1. Finely chop the carrots, onion, pepper, and mushrooms. Fry in a little olive oil until the carrots are softening.
  2. Add the tomato, wine, lentils, chilli, and garlic. (I scraped the seeds out of the chilli, first, but you could leave them in for an even hotter dish.)
  3. Heat the sauce gently, and simmer for 2-3 hours.
  4. Remove from the heat, cool, and leave overnight to allow the flavours to infuse. If you want to freeze the sauce, you can do so once it has cooled.
  5. When you're ready to eat your pasta, reheat the sauce while the spaghetti cooks (according to the packet instructions). 
  6. Serve with a little grated cheese.
Pasta Please is a monthly pasta challenge run by Jacqueline at Tinned Tomatoes, and is hosted this month by Shaheen at Allotment2Kitchen, where you can see more chilli pasta dishes.

Jacqueline makes veggie bolognaise by a slightly different method, using soya mince, with white wine in the sauce and without the chilli. I'm definitely going to try her recipe soon.


Friday, 26 April 2013

Patterns in the Sand



Just a few photographs from our recent trip to Wales: I love the way that water, wind, and footsteps combine to leave patterns in the sand. And it's always fun to have an excuse to experiment with light and shadow.

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Wednesday, 24 April 2013

Vancouver Biodome



Biodome - Vancouver, Canada

The Bloedel Conservatory in Vancouver is a geodesic dome housing a lovely biodome and bird sanctuary. It's also surrounded by beautiful parkland, but the day we visited (in January) was so cold and blustery that we didn't spare much time for exploring outside, preferring to spend our time in the subtropical temperatures within.

Biodome - Vancouver, Canada

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The first thing that struck me was that we were given a small paper map of the building... with the different parrot and macaw species marked as spots on the map. Now, the first thing I ever remember learning in a geography class was the basic premise of not including moving objects on a map. And as we started our tour, the parrots were indeed in their allocated spaces. I'll confess, I was worried. Had they had their wings clipped, or been fastened down in some way? I was soon reassured - they're just really well-trained, and always fed at their "home" locations to remind them. But we did see one or two take the initiative to flap around the conservatory.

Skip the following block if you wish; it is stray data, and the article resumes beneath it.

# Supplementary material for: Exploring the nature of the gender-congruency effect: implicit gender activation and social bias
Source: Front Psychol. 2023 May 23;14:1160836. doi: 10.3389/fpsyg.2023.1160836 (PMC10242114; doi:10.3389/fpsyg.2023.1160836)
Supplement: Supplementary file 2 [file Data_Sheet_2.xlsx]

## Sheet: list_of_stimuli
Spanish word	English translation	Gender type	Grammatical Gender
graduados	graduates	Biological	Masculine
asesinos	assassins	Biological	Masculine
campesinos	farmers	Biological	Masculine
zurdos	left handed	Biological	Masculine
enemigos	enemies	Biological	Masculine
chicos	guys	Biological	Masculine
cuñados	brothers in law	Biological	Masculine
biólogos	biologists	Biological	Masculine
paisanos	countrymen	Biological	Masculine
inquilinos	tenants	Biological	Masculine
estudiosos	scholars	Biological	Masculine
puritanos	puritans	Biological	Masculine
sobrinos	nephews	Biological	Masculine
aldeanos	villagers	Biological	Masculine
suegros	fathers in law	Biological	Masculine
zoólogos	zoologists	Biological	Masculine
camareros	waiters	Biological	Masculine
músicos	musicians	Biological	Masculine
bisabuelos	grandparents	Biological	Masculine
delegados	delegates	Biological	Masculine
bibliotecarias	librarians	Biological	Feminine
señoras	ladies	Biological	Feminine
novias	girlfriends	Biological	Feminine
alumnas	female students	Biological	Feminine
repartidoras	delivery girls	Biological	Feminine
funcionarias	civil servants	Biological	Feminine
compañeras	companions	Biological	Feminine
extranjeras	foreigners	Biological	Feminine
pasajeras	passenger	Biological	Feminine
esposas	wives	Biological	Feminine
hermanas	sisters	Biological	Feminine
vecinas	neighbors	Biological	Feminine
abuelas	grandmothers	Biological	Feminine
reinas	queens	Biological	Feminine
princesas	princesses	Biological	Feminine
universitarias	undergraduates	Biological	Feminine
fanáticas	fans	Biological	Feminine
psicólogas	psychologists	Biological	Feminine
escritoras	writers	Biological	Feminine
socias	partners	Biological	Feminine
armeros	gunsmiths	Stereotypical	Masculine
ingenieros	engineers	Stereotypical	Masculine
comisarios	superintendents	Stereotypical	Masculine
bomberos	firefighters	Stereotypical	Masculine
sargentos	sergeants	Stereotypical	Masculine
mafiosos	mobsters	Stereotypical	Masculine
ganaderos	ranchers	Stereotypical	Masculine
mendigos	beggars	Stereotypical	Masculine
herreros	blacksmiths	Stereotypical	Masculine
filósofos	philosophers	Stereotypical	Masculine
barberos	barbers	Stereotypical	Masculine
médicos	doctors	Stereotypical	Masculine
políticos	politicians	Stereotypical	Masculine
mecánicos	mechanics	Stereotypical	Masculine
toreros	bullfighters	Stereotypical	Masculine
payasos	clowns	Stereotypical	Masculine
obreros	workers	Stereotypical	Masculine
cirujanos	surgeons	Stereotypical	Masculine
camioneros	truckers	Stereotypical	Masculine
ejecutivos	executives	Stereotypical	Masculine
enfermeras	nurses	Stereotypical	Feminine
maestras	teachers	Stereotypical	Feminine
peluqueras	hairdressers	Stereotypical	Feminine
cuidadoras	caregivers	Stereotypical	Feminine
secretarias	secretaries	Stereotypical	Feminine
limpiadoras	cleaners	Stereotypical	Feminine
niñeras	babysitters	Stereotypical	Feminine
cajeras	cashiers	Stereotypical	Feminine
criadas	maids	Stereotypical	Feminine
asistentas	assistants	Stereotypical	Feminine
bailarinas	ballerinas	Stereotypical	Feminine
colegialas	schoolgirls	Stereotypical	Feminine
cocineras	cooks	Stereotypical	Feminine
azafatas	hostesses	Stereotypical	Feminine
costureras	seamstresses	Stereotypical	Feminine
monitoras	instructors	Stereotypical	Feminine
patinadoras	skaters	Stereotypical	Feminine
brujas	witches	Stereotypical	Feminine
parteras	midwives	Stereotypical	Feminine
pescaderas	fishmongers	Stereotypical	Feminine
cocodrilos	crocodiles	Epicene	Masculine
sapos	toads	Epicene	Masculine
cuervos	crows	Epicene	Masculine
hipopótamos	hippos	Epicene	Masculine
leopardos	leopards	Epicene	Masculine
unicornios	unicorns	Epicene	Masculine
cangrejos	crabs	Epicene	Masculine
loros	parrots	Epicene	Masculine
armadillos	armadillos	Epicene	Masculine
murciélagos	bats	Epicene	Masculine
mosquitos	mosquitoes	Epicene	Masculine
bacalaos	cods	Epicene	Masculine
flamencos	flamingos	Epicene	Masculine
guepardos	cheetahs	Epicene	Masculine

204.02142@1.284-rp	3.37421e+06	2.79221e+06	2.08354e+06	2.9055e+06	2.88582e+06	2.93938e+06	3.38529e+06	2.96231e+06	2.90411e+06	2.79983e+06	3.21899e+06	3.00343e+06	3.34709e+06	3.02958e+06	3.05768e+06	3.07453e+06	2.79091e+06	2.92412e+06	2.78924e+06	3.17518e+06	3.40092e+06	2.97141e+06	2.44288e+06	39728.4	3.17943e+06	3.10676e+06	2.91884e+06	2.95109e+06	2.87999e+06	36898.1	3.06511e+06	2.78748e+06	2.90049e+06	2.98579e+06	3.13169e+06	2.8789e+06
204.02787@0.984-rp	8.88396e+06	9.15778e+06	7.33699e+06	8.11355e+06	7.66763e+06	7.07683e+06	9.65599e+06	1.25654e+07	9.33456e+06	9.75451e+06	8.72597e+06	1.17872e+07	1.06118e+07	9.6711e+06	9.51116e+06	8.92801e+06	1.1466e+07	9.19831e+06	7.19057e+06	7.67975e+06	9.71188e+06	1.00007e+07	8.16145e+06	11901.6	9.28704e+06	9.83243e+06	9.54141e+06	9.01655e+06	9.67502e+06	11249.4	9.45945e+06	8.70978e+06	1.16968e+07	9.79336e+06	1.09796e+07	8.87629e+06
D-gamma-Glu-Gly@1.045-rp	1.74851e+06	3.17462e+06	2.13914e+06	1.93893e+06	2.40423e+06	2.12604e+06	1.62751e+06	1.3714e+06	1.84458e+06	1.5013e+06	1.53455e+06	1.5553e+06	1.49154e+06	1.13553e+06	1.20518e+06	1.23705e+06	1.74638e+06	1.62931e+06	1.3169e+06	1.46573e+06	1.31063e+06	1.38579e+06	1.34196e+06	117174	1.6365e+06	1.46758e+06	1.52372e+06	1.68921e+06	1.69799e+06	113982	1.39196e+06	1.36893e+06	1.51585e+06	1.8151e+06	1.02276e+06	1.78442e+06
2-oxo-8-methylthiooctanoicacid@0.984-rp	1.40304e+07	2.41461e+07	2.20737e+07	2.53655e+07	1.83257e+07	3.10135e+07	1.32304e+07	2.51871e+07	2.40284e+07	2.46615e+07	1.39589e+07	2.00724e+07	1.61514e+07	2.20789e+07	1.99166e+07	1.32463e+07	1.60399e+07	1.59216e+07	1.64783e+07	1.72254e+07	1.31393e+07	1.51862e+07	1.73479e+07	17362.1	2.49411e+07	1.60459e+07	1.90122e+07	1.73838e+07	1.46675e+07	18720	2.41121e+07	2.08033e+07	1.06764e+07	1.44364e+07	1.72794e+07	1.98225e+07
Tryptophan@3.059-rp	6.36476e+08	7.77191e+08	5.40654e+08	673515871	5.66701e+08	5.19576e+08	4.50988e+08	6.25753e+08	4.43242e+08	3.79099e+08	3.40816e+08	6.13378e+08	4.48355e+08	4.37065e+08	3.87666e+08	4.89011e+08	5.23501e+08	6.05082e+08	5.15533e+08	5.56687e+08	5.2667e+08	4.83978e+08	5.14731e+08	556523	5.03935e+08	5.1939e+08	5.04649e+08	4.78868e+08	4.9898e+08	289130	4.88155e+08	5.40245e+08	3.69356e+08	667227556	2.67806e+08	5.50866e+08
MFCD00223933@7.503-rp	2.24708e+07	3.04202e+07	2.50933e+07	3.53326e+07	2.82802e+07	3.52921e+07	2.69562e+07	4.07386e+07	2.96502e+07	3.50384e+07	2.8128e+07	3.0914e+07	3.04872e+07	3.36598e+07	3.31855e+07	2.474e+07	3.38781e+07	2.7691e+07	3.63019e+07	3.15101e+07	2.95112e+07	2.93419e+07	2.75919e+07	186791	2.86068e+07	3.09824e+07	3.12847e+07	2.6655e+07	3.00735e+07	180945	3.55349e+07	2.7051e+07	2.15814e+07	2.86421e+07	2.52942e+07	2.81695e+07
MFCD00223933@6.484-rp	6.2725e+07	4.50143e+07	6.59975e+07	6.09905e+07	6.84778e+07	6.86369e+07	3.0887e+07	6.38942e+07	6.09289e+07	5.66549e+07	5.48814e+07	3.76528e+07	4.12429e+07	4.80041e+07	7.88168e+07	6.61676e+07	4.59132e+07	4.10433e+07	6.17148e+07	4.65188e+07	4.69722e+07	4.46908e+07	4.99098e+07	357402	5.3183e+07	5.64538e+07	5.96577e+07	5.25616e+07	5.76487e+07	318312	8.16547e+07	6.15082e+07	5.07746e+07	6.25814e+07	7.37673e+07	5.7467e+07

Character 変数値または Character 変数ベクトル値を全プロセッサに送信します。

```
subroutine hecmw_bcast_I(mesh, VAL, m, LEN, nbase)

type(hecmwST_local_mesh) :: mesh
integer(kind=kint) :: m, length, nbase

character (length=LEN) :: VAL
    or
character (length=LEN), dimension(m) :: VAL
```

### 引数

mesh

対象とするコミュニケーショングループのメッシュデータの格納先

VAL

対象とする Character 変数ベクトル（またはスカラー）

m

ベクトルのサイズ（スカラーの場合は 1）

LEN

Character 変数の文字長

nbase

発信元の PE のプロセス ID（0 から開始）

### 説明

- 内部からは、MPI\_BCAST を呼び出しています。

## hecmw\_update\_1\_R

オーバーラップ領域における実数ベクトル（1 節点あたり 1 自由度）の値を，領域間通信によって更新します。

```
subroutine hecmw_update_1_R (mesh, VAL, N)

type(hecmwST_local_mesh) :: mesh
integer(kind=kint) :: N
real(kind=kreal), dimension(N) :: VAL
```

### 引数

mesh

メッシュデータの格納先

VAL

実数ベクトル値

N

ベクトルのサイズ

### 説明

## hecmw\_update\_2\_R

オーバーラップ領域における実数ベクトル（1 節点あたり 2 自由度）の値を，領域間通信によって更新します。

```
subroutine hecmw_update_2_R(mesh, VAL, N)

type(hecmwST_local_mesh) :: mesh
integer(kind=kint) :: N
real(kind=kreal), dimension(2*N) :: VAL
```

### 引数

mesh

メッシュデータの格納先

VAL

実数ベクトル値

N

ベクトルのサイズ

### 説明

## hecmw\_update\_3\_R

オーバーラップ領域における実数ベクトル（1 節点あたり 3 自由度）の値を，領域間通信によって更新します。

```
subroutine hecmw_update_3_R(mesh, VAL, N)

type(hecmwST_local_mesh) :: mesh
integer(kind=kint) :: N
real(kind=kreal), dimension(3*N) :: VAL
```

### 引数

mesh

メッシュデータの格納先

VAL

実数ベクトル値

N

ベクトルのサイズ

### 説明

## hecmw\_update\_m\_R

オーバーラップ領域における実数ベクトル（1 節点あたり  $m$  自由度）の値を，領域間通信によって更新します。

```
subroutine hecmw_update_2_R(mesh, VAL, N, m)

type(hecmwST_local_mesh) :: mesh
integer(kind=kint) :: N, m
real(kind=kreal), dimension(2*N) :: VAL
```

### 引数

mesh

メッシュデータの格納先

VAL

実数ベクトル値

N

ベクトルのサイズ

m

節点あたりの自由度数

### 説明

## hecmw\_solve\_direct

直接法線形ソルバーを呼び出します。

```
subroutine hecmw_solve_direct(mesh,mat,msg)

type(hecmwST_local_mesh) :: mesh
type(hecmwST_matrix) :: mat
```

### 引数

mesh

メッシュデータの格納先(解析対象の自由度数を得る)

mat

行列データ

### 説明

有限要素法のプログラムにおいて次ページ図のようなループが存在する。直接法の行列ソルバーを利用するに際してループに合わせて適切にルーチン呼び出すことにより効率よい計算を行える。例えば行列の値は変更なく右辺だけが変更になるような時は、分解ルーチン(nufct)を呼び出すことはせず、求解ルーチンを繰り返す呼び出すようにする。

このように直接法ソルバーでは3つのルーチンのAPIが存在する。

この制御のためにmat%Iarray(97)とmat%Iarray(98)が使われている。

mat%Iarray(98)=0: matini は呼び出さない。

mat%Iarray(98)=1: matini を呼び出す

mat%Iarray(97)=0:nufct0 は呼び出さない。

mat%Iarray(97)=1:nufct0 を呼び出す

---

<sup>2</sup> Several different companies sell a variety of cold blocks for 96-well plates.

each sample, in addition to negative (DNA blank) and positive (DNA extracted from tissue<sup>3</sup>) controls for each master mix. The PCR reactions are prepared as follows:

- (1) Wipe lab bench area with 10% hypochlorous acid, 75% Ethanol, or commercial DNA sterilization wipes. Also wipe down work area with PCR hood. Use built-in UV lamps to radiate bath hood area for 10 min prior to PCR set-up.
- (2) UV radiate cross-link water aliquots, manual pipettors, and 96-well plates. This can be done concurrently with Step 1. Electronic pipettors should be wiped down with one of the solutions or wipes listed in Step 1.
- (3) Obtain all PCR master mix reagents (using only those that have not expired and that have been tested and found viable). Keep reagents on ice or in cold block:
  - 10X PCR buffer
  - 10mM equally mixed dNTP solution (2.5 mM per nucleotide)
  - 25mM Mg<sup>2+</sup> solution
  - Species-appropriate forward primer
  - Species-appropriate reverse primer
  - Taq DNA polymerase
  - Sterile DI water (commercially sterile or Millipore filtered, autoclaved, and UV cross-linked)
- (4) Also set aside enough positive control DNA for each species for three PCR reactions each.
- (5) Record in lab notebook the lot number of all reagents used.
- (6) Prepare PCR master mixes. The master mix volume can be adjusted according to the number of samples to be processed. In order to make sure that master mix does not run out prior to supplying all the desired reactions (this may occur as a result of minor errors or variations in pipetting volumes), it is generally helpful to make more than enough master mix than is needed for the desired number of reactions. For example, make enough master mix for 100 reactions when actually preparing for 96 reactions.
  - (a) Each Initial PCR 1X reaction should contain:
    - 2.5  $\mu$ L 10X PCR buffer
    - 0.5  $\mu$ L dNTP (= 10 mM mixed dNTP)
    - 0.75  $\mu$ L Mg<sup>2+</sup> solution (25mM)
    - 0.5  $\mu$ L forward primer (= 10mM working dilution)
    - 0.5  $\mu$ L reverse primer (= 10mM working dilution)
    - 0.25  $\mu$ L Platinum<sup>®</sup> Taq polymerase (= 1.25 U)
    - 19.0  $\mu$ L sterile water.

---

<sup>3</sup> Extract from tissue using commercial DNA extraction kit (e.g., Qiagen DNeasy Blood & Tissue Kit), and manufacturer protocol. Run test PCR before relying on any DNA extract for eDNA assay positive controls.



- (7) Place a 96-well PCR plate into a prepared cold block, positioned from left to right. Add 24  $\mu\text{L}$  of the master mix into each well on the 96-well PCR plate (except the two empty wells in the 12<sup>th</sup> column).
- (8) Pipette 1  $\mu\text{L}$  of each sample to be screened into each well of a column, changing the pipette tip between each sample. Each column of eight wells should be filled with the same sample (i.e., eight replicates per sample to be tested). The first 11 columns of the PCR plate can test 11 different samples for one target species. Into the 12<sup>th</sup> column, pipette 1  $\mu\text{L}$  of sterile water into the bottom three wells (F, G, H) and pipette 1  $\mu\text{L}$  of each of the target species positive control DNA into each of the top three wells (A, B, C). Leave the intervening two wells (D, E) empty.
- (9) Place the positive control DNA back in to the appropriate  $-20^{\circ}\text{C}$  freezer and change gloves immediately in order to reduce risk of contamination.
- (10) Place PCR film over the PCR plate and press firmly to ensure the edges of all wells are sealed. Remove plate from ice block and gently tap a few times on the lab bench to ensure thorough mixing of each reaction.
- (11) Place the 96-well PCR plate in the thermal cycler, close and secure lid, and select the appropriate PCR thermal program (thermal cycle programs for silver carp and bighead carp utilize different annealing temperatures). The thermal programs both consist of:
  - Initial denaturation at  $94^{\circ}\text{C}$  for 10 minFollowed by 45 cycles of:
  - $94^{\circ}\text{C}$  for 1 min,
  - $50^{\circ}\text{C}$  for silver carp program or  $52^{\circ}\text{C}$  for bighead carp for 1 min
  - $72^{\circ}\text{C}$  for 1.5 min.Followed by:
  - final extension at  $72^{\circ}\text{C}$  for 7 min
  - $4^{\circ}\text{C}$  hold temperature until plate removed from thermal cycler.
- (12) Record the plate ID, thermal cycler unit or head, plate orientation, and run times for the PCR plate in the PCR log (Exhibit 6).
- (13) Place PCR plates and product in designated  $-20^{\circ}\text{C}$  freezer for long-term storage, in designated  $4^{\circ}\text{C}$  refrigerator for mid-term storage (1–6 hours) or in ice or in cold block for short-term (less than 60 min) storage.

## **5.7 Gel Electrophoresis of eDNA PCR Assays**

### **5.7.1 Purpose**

My favourites, though, were the little birds like zebra finches, which fluttered around all over the place. You could get really close while they fed on seeds and fruit, and even a couple of over-enthusiastic young kids barely perturbed them.

A great day out, and a nice way to stay warm and dry during the chilly Vancouver winter.

Biodome - Vancouver, Canada

Biodome - Vancouver, Canada

Biodome - Vancouver, Canada

Biodome - Vancouver, Canada

Biodome - Vancouver, Canada

Biodome - Vancouver, Canada

Biodome - Vancouver, Canada

Biodome - Vancouver, Canada


Monday, 22 April 2013

Low Calorie Stir-Fry with Sesame Courgette Ribbons (250 calories)



Stir Fry with Courgette Ribbons

I've been doing the 5:2 diet (somewhat intermittently) for a few months now. But I'm still not accustomed to counting calories, and I don't have any kind of instinctive feel for the values associated with different ingredients, except to know that vegetables are good. On the other hand, little things like oil, nuts, and seeds can have surprisingly high values, which means that imaginative cooking takes a little more effort than usual.

For me, ironically, one consequence is that it can feel easier to eat less healthily than usual on a fast day - by grabbing half a pizza or other ready-meal where the numbers are printed on the packet. This is obviously a bad move, and something I've been wanting to address.

So when I saw an opportunity on SocialFabric to shop for a 5:2 recipe, it was the kick I needed to come up with something new. I headed down to Tesco to look for ingredients and started to think about what I could make within the 500-calorie limit without compromising on taste. And, actually, I don't usually want my main meal to take up the whole 500 calories - I'd rather be able to enjoy a slice of toast for breakfast, or a square of (dark) chocolate for dessert.

Fortunately, once you've calculated the magic numbers for a dish, you never have to do it again - just use the same quantities next time, and you know what you're getting. Plus if you keep your notes, you can refer back to check the calorie values for popular ingredients. I'm planning to be a lot more disciplined in future about working out a few basic 5:2-friendly recipes which I can then vary more confidently.

Calculating calories
My notes from calculating calories for this meal.